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Head retention

by Alberta Rager

There’s No Head on my Beer

Head retention is desirable in most beers. The ingredients chosen for the recipe design will influence the head retention of the beer. Generally the more dextrinous the beer and the more hops the greater the head retention. But, there are other factors which influence the brews ability to maintain that rich frothy head. Head retention is dependent on dextrins and the amount of small and medium sized proteins in the beer. The addition of dextrine malt (i.e. CaraFoam and CaraPils), or crystal/caramel malt at a rate of ½ - l pound per 5 gallons of beer will improve head retention as well as the use of up to 2 pounds of malted wheat. Hops can improve head retention. So, beers that are more highly hopped and dry hopped like pilsners, American pale ales and APAs generally have a bigger more long lasting head than lower hopped beers like brown ales and Scottish ales. Old ales, barleywines and other high gravity beers generally have a low head to medium head and may have low head retention. This is common because the higher alcohol level reduces head retention. Glassware with a thin film of soap or the use of rinsing agents either added to the special reservoir in the dishwasher or as a part of the detergent (i.e. the little pink ball in the center of the detergent cube) will cause the head to quickly fall. Soap that makes bubbles kills beer suds. It is best to hand wash glassware used when serving beer with a non-foaming, fragrance free detergent like washing soda or dishwashing machine detergent and rinse well with lots of hot water. If your water is very hard, you will have a more difficult time rinsing residuals from your glassware. Soap or oil in the kettle, carboy or other brewing equipment can get into the beer and ruin head retention weeks later. Although less common residual sanitizer in bottles which have not been drained prior to filling can ruin the head on the entire batch. Fats, oils, lipstick, lip balm and wax can all destroy the head. So with properly cleaned glassware, watch what you are introducing into the foam as you are consuming the beer. Guess that means, no chips allowed for a rich creamy head. The products of yeast autolysis can decrease head retention. Pitch only healthy yeast to a well aerated wort and do not allow the finished beer to sit on the flocculated yeast longer than necessary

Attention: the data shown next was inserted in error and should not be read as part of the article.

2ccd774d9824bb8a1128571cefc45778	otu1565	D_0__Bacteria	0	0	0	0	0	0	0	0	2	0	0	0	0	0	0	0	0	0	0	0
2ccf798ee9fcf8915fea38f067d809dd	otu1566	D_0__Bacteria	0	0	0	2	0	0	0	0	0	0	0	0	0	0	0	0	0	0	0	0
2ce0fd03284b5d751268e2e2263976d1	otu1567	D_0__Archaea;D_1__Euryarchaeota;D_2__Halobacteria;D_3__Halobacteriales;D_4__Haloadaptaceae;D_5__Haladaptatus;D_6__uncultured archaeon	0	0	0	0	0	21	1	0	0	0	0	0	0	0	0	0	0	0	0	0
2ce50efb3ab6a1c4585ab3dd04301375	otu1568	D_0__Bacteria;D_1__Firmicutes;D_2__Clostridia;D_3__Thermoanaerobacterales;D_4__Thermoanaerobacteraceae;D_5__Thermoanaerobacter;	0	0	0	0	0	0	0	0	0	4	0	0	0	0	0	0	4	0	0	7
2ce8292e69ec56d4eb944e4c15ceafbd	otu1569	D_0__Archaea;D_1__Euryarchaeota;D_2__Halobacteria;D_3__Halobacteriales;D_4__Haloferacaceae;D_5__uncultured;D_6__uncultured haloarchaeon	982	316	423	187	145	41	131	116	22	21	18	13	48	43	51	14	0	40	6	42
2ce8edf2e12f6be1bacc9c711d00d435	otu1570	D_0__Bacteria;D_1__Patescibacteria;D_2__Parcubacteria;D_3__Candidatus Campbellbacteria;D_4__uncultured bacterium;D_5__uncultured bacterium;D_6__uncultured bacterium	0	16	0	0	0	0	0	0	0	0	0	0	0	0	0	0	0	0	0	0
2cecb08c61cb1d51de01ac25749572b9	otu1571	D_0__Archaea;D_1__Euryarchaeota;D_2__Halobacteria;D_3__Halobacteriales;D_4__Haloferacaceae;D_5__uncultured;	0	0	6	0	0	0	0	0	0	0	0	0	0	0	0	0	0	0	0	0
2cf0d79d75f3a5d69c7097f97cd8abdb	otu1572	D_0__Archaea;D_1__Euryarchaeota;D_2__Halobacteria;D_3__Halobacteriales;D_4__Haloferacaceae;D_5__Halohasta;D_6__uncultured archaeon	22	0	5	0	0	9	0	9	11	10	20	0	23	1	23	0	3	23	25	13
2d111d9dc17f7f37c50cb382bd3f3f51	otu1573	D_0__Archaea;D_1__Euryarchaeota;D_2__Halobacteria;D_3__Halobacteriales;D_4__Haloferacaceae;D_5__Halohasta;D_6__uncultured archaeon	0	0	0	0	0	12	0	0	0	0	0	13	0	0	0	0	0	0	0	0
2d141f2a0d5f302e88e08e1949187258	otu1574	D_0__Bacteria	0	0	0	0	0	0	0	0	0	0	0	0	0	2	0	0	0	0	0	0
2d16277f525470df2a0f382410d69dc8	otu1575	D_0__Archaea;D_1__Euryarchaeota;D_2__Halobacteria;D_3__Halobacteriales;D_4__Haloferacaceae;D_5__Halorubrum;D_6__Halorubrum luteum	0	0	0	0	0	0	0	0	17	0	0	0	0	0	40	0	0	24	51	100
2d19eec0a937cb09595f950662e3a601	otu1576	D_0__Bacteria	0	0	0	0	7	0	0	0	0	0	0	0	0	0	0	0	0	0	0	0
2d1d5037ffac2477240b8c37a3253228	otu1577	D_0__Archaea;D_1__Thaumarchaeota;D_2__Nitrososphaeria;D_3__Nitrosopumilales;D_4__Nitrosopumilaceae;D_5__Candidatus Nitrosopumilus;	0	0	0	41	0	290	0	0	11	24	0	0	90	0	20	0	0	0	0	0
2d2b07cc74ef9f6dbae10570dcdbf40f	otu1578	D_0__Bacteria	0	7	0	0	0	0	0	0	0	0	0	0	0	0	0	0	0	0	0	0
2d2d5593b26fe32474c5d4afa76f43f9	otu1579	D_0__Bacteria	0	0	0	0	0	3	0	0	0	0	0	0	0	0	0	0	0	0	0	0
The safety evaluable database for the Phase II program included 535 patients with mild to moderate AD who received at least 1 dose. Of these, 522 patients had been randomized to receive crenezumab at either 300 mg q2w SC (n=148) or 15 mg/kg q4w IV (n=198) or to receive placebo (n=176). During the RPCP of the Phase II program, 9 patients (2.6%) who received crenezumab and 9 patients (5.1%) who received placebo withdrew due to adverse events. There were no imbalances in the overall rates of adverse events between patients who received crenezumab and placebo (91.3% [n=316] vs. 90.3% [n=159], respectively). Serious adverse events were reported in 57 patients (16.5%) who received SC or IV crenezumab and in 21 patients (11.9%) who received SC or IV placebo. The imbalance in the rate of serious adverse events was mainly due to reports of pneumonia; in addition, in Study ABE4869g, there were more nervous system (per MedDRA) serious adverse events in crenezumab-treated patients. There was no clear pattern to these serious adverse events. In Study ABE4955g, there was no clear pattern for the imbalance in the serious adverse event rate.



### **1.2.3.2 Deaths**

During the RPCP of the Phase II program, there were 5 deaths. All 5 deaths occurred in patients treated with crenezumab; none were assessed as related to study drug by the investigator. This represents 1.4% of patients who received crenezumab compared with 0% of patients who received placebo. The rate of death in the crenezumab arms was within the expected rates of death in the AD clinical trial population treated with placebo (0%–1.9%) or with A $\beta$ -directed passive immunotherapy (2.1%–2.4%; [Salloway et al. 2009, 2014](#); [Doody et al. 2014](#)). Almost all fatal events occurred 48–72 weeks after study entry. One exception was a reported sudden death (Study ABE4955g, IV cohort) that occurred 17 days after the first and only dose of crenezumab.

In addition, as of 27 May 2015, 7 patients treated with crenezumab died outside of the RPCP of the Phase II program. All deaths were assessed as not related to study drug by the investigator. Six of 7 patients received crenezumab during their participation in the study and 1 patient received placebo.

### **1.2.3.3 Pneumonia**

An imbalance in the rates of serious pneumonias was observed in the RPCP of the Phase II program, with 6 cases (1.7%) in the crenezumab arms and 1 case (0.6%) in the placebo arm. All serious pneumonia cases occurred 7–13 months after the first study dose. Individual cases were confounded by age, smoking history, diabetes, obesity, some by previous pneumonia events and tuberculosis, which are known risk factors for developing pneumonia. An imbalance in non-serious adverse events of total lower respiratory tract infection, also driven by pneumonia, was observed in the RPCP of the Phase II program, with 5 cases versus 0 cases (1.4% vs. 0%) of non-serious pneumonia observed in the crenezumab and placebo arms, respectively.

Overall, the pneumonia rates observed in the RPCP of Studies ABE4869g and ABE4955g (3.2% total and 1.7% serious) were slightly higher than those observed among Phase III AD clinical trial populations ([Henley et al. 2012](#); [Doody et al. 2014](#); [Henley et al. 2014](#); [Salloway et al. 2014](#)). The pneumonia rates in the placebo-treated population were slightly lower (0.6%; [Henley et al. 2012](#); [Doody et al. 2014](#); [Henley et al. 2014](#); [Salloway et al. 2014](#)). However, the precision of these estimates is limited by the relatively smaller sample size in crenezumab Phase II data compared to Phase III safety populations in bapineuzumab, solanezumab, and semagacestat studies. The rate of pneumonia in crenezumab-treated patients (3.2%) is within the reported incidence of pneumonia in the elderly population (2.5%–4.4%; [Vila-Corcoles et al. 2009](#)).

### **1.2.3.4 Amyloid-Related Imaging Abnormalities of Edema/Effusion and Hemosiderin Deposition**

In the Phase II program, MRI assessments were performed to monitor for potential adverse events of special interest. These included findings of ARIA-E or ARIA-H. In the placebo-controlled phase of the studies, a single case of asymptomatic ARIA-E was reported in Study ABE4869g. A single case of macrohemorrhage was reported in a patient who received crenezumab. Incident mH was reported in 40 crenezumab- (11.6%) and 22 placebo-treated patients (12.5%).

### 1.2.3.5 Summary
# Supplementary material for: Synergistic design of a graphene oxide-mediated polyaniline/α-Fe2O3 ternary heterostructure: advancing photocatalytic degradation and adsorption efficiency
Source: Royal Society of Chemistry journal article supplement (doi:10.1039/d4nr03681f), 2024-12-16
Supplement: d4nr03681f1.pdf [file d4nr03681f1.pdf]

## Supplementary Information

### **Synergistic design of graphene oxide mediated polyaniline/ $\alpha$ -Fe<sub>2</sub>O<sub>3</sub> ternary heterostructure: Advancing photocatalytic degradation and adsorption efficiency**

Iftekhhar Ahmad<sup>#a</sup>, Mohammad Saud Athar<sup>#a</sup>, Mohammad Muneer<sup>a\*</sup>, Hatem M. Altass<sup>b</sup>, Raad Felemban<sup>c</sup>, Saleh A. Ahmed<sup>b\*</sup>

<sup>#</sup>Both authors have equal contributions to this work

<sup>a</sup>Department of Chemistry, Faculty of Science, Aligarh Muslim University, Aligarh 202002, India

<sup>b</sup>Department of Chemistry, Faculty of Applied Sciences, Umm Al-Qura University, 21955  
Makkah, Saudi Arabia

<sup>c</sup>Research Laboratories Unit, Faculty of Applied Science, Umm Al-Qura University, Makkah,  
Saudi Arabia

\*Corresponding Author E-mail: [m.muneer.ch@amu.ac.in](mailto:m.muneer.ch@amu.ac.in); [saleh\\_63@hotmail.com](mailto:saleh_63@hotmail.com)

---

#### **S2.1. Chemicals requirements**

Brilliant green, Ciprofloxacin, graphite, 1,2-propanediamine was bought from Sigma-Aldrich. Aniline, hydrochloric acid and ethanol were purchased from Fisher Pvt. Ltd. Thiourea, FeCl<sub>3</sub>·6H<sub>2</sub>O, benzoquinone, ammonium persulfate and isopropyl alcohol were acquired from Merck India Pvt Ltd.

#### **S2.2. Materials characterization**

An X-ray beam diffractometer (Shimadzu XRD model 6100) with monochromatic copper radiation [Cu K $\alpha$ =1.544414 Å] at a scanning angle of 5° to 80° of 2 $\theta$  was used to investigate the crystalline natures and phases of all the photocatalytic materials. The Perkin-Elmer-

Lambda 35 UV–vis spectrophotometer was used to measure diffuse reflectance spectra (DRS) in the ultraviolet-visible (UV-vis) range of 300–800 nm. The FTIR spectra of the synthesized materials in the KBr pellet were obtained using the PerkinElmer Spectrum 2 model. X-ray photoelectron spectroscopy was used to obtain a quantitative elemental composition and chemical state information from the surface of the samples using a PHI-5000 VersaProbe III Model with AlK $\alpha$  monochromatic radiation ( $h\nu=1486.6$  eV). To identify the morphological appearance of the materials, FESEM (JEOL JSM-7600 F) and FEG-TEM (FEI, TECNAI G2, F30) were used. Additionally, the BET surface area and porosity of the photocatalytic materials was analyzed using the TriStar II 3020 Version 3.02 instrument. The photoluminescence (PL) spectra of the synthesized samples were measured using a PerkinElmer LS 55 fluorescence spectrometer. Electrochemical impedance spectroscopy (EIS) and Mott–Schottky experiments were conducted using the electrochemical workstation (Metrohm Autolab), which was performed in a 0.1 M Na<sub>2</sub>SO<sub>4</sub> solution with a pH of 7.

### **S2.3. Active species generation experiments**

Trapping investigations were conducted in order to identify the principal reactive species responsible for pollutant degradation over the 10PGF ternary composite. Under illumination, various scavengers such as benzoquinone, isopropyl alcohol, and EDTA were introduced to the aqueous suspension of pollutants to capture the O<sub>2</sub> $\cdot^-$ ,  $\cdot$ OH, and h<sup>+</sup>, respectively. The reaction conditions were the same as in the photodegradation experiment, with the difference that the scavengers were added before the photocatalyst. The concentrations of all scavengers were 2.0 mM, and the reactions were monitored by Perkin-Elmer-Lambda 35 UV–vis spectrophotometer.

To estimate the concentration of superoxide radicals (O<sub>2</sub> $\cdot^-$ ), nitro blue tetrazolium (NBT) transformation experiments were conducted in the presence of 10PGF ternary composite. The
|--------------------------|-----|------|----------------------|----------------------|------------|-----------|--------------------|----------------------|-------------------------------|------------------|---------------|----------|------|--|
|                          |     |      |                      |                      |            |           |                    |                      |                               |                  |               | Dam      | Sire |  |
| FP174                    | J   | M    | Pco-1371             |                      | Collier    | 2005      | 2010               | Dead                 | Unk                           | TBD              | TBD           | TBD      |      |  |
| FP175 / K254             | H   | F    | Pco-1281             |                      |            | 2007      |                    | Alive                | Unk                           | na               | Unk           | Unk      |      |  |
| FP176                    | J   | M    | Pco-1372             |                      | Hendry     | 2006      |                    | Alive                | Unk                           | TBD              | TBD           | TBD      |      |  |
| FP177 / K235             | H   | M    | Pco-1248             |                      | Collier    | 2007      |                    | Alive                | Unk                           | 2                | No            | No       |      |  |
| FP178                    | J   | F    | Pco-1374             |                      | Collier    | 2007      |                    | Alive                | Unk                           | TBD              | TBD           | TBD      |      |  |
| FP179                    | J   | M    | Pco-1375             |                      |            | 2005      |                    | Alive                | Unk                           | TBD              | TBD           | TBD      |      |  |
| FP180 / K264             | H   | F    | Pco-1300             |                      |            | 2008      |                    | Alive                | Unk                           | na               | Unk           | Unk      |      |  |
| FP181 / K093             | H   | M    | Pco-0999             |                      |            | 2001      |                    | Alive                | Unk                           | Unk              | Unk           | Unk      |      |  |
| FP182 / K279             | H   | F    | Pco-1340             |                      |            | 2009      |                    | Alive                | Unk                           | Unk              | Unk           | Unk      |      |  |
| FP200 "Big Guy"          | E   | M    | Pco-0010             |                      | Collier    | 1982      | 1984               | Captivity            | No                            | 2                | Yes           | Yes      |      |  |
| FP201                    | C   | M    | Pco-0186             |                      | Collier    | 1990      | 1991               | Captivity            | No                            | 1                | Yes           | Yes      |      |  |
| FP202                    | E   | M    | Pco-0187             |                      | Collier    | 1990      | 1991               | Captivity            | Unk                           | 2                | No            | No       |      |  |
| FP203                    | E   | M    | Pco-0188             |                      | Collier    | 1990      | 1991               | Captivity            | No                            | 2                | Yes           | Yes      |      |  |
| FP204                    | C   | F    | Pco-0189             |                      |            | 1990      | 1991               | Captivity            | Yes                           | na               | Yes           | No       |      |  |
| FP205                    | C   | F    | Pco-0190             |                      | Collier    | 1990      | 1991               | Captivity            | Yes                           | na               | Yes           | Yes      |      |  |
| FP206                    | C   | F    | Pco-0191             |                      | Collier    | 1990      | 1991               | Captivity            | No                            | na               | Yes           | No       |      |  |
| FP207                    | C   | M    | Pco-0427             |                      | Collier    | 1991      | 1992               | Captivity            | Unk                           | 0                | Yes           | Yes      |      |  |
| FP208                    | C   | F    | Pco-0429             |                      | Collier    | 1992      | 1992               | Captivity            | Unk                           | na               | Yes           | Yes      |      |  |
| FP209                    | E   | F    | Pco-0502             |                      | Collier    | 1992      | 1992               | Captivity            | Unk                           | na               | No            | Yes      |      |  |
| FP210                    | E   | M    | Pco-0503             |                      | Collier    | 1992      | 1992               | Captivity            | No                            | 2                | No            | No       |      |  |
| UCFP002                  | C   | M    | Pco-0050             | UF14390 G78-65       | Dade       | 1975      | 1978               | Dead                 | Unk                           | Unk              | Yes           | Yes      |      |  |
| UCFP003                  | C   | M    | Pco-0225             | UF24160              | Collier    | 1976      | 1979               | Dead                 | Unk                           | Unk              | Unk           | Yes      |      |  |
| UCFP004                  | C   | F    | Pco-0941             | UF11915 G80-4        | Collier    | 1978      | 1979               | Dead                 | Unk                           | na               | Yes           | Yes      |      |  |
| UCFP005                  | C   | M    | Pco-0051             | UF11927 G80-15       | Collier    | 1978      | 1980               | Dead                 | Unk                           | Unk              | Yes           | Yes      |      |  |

This article was published on Thursday 14 March, 2013.
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